White House senior adviser Jared Kushner pitched President Donald Trump’s Cabinet members Tuesday on a 600-page legislative proposal to end legal loopholes that impact border enforcement and establish a new merit-based system for legal immigrants seeking to enter the United States.
The draft legislation comes months after the White House first announced that Kushner planned to create an internal task force with the singular goal of developing a serious and comprehensive proposal related to immigration and border security — something that Trump can point to as he makes his case for reelection over the coming months.
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“We’ve worked with roughly 25 Senate offices in consultation on this legislation, so there’s significant Republican buy-in,” said an administration official briefed on the proposal. “The purpose of today is to bring the Republican party behind a very serious proposal that we can all get behind, and from there we can hopefully engage in negotiations.”
Kushner will brief Republican leaders Tuesday afternoon on the proposal, which the White House is billing as a starting point and not “something that will pass in its current form,” the official said. The text of the legislation has yet to be released to congressional offices or the public and does not have any Democratic co-sponsors.
Kushner has worked closely with Stephen Miller, one of the president’s most hawkish advisers on immigration, officials across the Department of Homeland Security and bipartisan offices on Capitol Hill.
“The one advantage we have is we actually worked with DHS and we brought in the experts to see what you need to fix loopholes,” the administration official said. “Obviously a 100 percent fix is difficult, but getting to 90 percent is something we think we can do.”
To persuade GOP members to coalesce behind Kushner’s effort will likely require a series of adjustments to the current proposal, which is not expected to address illegal immigration beyond the border security component or to modify current levels of legal immigration.
The White House hopes an economic assessment of Kushner’s plan by the Council of Economic Advisers will serve as a major selling point for skeptics of the proposal who worry that it would undermine job opportunities and wages for American workers. “The CEA scored this and found that it would be a significant tax boon — roughly $580 billion — and that it would boost wages,” the official said.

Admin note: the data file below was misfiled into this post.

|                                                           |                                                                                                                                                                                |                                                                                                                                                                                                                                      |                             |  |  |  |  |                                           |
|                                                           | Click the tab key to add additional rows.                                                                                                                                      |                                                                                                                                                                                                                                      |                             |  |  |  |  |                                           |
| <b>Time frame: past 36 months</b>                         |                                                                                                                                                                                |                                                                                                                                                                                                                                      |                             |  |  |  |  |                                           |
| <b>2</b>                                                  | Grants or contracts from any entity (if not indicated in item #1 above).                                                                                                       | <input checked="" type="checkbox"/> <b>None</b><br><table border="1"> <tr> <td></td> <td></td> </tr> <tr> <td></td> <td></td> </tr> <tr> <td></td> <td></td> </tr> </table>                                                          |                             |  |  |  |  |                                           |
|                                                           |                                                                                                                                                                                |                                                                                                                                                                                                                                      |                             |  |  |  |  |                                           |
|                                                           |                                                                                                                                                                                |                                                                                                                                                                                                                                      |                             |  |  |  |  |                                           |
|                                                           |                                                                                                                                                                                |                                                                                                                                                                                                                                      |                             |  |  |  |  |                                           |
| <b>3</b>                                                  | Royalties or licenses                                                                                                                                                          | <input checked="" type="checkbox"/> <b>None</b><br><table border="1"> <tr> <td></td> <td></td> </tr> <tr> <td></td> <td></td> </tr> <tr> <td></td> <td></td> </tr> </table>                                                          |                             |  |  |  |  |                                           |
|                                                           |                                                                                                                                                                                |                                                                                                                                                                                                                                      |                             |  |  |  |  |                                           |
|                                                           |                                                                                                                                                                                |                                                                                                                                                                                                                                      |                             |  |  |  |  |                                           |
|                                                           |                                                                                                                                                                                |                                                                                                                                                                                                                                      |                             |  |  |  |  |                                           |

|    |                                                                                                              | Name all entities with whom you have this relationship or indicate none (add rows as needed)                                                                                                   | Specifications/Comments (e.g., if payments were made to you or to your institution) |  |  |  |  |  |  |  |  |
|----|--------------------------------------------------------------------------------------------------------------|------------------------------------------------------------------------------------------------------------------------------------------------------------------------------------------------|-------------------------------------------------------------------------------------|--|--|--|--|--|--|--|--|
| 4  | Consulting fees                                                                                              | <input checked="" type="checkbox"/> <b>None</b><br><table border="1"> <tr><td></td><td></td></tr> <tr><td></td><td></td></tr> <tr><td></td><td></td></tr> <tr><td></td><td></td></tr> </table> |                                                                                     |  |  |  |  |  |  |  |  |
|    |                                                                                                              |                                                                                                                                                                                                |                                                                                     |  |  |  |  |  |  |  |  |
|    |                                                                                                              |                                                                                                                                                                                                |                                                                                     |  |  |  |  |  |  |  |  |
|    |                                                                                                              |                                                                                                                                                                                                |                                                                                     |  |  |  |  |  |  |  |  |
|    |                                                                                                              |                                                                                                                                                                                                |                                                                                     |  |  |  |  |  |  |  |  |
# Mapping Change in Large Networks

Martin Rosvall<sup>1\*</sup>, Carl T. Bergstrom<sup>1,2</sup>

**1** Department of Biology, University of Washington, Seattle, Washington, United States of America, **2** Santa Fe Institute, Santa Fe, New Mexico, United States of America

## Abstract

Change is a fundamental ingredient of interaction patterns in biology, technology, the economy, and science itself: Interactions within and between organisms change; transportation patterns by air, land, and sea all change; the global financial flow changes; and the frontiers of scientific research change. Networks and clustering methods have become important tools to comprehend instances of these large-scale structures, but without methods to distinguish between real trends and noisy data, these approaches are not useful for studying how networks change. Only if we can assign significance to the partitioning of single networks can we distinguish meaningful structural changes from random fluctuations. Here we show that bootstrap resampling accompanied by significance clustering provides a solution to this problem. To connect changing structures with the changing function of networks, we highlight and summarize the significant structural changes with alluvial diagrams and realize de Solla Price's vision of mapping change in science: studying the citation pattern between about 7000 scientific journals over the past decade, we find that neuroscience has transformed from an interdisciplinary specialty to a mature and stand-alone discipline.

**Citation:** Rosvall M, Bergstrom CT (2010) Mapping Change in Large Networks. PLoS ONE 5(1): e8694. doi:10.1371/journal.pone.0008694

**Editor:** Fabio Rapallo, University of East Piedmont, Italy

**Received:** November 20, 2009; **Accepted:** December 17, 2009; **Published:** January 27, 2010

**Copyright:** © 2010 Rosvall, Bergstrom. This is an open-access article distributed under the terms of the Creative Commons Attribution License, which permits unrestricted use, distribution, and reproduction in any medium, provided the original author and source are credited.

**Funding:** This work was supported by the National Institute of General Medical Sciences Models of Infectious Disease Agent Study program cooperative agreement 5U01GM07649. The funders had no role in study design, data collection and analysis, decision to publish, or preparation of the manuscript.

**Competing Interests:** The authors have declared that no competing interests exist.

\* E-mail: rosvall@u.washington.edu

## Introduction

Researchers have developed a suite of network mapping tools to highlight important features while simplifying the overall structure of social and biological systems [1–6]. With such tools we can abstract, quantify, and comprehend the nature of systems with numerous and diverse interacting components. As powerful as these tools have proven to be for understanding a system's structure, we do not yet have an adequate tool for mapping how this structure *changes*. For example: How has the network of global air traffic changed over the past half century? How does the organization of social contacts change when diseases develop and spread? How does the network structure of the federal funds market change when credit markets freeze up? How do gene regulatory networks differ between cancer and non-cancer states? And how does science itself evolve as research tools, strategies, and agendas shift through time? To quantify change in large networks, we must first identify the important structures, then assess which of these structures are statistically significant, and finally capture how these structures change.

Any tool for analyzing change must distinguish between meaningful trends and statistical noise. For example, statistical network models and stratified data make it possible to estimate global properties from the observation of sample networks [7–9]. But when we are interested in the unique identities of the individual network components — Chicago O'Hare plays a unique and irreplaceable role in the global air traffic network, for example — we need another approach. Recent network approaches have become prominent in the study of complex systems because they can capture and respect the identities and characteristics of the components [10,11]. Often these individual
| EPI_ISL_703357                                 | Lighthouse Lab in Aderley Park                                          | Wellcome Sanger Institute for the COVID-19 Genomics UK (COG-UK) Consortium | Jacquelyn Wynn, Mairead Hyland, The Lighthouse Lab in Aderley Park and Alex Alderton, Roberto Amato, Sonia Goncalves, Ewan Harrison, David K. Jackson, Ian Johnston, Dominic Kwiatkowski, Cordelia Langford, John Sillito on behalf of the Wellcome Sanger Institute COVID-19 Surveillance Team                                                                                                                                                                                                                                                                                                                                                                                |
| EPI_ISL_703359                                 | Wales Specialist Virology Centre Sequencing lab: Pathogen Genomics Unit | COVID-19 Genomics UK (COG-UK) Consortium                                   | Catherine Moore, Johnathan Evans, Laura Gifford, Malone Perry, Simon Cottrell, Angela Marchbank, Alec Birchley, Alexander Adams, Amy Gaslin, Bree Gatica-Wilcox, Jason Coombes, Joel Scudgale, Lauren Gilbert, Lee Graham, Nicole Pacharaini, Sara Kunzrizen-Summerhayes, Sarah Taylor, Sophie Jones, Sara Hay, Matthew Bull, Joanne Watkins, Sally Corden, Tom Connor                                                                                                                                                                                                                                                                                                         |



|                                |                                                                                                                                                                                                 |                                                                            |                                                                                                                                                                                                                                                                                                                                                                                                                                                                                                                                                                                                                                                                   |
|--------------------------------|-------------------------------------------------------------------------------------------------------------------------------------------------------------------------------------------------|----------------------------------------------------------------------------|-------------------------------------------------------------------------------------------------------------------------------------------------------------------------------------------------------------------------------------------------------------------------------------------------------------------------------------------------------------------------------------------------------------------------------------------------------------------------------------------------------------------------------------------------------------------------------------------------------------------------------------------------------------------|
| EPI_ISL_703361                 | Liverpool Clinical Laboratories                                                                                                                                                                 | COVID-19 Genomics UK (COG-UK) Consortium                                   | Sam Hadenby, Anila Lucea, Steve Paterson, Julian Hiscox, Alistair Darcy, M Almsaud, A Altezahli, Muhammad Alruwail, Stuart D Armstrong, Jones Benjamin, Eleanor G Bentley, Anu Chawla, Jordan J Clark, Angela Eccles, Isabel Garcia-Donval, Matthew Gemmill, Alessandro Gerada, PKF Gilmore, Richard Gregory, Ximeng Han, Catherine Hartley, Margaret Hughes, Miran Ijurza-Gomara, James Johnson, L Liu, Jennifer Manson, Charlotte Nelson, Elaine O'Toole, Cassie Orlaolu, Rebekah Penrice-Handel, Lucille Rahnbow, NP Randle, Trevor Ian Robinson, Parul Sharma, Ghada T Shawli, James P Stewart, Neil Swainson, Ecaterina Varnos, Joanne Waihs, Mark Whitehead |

The White House is likely to face significant resistance from congressional Democrats, who have escalated their criticism of Trump’s immigration policy in recent weeks after visiting overcrowded and unsanitary detention centers for migrant children and adults near the U.S.-Mexico border. Trump has also come under fire for small-scale deportation raids carried out by U.S. Immigration and Customs Enforcement agents last weekend.
“It should be a sign to us that today’s Catholic Gospel reading is the Good Samaritan, where Jesus teaches us to love our neighbors as ourselves and treat them with mercy,” House Speaker Nancy Pelosi, D-Calif., wrote on Twitter Sunday. “Trump’s ICE raids today tear families apart — the opposite of mercy. #FamiliesBelongTogether #KnowYourRights.”
Even more challenging for White House officials seeking to gain Democratic support for an immigration proposal is the current controversy enveloping Capitol Hill that stems from Trump’s stream of disparaging tweets about a group of progressive congresswomen. During a press conference Monday, the four Democratic women — Reps. Alexandria Ocasio-Cortez, Rashida Tlaib, Ilhan Omar and Ayanna Pressley — encouraged their colleagues to begin impeachment proceedings against Trump, who they accused of “openly violating” his constitutional oath of office.
“Right now, the president is committing human rights abuses at the border,” Omar said. “I believe we are in a pivotal moment in our country. The eyes of history are watching us.”
The White House official declined to provide a timeline for the release of Kushner’s plan, nor would the official identify which Democratic offices worked with Trump’s son-in-law on the proposal.
Restrictionist immigration groups like the Center for Immigration Studies, which participated in listening sessions with Kushner earlier this year, have rejected previous outlines of the administration’s latest plan.
“If they propose something that doesn’t cut the numbers [of legal immigration] but just moves to a merit-based system, pretty much uniformly Democrats and all of the parts of the media that are allied with the Democratic Party will come out against it wholeheartedly… It’s not clear for them how it’s a winning strategy to have their own side divided and the other side unified,” CIS director of research Steven Camarota told POLITICO in May.